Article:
Adolph Zukor, founder of Famous Players Film Corporation, which merged in 1916 with the Jesse L. Lasky Feature Play Company to become Famous Player-Lasky which ultimately became Paramount Pictures, was the man that made feature-length films his mission in life. When Zukor started in the film business in 1913, movies were either one or two reels long, meaning 10 or 20 minutes. Zukor believed that movies ought to be a similar length to theatrical plays, meaning about 90 to 120 minutes long. The film distributors fought him, of course, saying that people

could not sit still that long. Then in 1914 the Italian film "Cabiria" was released at 148 minutes and in 1915 D. W. Griffith’s "Birth of a Nation" was released at 159 minutes. Both films made a lot of money and the feature film was born. Then, in 1918, Griffith released "Intolerance," which originally ran 208 minutes. Although the film was as spectacular as any film ever made, no one could sit through it. Griffith quickly re-edited the film to 178 minutes, but still no one was able to sit through it. Adolph Zukor came to a conclusion—people can comfortably sit for a maximum of two hours, then they must get up and go to bathroom or stretch or smoke or whatever. If one intended to make a film longer than two hours, there had to be an intermission about two hours in. And this is the way films were made from 1918 up to the 1970s. It’s not that there weren’t quite a few long movies made during that

time—"Gone With the Wind" is 222 minutes, "Lawrence of Arabia" is 216 minutes, "The Godfather Part 2" is 200 minutes—but they all have intermissions at about the two hour mark.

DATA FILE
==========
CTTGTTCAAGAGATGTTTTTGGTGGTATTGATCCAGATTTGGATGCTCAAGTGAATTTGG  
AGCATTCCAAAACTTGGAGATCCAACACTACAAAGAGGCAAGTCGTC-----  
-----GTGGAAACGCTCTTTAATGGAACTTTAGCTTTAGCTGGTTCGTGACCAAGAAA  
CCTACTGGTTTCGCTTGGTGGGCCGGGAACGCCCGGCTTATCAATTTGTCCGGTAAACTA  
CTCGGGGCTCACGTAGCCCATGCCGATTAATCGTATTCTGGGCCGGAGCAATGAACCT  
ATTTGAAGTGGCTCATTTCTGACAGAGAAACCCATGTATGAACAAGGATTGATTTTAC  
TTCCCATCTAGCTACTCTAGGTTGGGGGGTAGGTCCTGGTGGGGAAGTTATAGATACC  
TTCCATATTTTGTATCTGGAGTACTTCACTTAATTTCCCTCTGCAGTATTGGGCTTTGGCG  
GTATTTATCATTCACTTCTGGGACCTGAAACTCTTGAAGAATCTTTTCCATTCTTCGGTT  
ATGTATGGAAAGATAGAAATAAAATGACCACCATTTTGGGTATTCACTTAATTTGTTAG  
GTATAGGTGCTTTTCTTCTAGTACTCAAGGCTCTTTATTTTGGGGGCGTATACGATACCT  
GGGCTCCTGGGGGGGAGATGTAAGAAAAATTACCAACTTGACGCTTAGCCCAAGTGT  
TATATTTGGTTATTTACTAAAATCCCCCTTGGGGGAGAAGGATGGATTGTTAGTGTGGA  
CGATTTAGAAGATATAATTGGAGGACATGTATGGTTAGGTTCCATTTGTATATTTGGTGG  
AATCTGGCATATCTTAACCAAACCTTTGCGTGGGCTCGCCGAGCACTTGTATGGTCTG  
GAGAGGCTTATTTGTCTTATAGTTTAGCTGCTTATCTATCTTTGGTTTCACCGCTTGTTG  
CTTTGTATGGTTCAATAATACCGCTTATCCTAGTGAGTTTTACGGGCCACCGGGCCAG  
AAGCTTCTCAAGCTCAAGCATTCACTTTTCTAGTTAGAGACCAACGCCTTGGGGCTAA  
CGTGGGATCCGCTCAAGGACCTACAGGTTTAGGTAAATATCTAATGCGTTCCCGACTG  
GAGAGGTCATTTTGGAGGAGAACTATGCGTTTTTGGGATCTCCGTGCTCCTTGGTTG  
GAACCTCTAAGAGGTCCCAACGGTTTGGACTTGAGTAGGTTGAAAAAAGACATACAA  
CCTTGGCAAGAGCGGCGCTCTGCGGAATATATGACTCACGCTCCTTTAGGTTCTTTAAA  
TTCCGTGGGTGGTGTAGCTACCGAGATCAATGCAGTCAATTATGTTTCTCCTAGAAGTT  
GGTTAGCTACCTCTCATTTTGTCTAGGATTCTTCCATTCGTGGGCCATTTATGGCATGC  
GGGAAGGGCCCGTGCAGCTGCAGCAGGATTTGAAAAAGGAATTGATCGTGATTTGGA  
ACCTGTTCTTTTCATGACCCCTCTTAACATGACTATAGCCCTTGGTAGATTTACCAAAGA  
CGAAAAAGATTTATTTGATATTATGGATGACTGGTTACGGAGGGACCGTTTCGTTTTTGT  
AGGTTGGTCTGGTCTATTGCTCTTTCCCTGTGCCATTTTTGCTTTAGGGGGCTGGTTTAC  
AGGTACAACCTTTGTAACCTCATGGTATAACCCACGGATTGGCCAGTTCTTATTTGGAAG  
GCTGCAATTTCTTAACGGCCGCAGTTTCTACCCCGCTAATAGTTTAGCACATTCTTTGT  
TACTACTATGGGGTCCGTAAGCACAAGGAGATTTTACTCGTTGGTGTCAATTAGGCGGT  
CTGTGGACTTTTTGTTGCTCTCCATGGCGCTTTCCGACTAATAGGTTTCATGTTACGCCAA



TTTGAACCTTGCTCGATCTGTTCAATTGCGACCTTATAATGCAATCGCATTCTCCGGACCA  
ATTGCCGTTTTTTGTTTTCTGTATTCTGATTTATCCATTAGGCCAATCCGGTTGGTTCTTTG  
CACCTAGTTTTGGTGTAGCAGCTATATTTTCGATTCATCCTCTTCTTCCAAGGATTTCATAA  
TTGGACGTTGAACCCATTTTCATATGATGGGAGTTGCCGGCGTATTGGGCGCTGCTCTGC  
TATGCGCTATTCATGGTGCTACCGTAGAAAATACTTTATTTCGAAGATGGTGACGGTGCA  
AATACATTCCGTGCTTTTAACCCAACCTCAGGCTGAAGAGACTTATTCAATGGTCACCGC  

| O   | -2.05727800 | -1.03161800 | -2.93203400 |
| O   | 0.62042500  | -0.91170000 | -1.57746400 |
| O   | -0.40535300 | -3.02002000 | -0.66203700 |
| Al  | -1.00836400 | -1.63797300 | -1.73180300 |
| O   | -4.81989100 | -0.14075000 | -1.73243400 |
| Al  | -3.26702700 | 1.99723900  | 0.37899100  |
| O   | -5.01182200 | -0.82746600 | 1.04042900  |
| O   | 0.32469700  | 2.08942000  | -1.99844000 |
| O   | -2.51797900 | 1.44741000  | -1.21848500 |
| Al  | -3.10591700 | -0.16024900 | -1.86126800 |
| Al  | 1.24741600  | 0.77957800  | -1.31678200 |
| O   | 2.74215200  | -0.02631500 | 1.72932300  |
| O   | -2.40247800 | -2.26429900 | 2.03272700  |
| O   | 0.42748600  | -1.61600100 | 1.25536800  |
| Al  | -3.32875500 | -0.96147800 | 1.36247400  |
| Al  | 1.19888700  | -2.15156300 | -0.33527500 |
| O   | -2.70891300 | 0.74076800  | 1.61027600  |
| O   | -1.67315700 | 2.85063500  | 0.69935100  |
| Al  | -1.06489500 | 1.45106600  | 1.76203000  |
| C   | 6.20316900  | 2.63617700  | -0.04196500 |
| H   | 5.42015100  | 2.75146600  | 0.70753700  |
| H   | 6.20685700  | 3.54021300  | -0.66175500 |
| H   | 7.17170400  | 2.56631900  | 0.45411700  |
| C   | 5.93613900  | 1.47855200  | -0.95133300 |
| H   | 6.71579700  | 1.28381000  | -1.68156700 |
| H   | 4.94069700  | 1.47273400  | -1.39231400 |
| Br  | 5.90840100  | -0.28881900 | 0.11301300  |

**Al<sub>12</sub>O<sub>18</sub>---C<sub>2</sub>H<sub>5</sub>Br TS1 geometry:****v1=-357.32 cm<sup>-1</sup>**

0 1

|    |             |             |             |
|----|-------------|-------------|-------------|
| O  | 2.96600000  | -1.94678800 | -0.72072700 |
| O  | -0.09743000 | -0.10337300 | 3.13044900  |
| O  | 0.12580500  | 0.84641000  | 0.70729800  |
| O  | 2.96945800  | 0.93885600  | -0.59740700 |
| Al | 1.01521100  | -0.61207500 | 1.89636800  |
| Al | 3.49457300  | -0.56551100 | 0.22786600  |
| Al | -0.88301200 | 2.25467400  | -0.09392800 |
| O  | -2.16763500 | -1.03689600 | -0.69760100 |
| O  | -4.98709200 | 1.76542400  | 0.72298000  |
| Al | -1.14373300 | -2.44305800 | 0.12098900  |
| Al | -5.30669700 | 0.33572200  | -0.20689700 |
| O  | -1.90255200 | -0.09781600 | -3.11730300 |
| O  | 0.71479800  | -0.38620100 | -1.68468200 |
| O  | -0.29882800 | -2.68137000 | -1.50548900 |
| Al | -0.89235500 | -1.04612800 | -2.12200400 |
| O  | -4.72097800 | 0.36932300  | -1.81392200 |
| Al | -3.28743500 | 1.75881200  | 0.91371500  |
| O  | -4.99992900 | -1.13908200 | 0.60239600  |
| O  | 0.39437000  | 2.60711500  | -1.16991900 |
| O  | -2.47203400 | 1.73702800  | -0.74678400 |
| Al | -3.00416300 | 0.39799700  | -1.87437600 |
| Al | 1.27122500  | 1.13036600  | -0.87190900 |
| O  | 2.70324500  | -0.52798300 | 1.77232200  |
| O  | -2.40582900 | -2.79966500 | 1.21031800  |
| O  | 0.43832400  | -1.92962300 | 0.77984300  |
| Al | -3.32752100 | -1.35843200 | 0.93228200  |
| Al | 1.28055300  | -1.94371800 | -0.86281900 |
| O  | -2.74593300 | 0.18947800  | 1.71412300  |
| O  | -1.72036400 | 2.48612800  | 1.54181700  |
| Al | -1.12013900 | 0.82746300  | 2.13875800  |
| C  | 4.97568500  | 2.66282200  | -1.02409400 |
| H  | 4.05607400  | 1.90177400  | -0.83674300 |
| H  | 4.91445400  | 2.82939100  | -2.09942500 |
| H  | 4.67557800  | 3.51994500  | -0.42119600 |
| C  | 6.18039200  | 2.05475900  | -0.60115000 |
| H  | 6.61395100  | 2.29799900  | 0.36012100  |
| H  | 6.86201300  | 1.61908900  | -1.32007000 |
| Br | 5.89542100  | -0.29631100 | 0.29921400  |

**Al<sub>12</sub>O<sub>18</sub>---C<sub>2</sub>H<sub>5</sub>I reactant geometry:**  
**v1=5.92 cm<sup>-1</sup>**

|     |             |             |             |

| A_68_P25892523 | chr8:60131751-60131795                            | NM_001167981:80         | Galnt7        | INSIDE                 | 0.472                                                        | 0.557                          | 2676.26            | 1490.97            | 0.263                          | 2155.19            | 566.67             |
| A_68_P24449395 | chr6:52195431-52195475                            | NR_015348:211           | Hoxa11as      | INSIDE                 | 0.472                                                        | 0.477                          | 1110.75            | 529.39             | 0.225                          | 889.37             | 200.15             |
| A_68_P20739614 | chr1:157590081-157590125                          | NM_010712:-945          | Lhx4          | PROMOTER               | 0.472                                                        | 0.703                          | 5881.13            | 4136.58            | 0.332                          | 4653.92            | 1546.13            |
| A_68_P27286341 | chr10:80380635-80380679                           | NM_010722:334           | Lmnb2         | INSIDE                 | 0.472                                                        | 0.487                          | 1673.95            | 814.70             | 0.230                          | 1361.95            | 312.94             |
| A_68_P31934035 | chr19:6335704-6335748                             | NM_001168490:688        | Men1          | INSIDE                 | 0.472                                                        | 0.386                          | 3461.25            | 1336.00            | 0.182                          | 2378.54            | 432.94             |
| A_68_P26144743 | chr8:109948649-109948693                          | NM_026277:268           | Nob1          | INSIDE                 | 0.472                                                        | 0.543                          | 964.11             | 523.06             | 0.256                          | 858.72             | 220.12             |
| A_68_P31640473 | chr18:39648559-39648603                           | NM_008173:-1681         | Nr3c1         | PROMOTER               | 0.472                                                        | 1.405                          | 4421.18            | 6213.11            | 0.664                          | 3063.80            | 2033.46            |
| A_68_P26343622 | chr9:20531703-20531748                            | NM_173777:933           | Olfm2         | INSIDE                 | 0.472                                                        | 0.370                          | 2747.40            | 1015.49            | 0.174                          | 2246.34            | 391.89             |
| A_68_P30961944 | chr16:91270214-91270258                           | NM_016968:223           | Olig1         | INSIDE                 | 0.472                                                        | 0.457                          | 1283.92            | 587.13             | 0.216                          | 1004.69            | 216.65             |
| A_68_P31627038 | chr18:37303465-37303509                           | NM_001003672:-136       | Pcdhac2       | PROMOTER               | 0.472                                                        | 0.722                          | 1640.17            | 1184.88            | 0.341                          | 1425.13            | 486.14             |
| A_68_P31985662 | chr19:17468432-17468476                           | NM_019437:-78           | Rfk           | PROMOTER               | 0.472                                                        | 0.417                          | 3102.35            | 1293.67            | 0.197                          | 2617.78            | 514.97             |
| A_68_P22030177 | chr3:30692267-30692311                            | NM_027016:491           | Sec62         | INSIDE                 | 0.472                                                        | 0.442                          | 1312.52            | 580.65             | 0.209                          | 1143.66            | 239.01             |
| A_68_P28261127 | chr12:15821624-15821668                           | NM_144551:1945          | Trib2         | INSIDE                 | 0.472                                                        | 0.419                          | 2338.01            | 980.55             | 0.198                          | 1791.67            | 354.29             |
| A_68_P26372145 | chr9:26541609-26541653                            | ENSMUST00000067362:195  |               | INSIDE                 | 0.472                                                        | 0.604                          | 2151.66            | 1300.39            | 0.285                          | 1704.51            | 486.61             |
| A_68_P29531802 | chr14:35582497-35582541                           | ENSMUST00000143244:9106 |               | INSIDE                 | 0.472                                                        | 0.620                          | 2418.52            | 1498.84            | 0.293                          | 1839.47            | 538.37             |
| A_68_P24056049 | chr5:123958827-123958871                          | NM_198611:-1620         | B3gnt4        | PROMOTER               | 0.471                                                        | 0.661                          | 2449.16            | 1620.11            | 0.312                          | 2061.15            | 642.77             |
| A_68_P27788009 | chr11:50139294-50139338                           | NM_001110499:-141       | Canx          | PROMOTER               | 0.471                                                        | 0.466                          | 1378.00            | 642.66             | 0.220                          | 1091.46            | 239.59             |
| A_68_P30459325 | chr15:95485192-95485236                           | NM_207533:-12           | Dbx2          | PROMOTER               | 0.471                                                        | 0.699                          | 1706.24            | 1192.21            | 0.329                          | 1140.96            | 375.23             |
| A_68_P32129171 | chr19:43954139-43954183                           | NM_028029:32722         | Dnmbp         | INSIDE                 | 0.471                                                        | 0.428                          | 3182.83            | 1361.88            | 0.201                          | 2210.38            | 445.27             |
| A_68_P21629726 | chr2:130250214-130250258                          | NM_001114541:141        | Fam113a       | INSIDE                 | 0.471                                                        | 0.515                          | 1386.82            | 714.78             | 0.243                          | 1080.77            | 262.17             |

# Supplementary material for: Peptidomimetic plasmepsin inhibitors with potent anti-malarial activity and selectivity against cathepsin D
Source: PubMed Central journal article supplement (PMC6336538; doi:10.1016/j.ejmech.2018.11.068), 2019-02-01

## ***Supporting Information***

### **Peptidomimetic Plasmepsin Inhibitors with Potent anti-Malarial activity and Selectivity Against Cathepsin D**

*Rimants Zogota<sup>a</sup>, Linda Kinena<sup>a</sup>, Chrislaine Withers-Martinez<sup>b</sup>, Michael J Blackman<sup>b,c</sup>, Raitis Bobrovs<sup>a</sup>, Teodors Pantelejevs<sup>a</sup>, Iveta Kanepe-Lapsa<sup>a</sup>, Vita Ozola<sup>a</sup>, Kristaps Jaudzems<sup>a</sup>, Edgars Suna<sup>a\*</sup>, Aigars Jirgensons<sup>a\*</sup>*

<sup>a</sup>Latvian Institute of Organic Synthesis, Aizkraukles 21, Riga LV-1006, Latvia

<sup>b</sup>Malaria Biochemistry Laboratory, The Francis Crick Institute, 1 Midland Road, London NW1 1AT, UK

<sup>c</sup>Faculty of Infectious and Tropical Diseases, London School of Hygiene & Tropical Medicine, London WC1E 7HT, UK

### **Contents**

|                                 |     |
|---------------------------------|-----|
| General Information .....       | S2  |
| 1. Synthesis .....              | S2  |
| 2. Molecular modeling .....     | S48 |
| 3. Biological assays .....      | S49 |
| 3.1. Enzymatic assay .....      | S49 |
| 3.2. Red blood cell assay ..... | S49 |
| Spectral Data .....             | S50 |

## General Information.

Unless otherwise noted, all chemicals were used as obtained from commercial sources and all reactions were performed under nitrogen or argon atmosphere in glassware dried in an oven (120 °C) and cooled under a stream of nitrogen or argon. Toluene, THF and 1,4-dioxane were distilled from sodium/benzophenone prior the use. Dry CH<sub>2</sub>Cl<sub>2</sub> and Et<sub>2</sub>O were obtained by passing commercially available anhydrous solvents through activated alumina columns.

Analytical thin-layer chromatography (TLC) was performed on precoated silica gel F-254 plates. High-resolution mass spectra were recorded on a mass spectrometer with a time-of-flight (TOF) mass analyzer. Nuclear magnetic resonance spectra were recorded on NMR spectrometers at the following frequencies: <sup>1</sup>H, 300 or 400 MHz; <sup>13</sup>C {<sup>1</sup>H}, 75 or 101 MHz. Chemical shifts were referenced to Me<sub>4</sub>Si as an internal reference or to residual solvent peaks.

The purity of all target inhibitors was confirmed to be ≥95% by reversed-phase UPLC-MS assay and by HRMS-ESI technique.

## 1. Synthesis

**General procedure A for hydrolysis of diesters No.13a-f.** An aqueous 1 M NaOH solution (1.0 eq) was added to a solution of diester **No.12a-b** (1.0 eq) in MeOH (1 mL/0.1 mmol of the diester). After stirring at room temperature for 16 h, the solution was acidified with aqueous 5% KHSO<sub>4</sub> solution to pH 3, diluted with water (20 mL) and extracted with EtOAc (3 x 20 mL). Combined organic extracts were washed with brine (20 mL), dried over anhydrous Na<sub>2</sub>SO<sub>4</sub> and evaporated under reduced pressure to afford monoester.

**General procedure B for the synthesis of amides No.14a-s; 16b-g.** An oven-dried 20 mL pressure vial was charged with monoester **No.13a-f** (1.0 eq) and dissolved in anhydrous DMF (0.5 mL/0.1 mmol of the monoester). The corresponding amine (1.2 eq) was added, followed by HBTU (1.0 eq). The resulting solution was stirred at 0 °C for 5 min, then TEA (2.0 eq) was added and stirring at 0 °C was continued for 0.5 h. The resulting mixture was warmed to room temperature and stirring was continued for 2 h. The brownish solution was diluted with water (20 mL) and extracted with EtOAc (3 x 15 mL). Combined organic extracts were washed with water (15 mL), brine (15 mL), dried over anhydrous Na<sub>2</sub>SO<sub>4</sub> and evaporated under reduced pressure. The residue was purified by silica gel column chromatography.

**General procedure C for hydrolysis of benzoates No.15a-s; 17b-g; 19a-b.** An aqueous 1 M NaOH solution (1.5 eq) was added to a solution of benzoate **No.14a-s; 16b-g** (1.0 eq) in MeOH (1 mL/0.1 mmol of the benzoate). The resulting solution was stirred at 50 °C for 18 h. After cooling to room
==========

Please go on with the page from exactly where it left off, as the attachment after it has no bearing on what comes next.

Now, however, we no longer get intermissions. Do Hollywood filmmakers believe that humans have gone through a genetic change since then and our bladders have gotten larger? I completely resent having to leave a movie and go to the bathroom, even if I don’t like the movie. But after two hours and a huge Coke, I always have to.

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       Which brings me to "The Horse Whisperer." This would have made a fine, insignificant, 90-minute TV movie jammed into a two-hour time slot. As it is, the film is a dull, slow, pretentious 166-minute snooze-fest. Obviously, the concept of pace and rhythm are completely outdated. For a contemporary movie to seem important and be taken seriously it must be at least 30 to 60 minutes too long and feel like molasses were poured all over it. Does Robert Redford actually believe this tiny little story needs a longer running time than "The Bridge on the River Kwai?" It’s completely insane. 
       Since Kristin Scott Thomas is seemingly happily married to Sam Neill, why the hell is she messing around with Robert Redford? And if Redford is supposed to be so fucking wise, why is he messing around with a married woman? It all gave me the creeps, very slowly.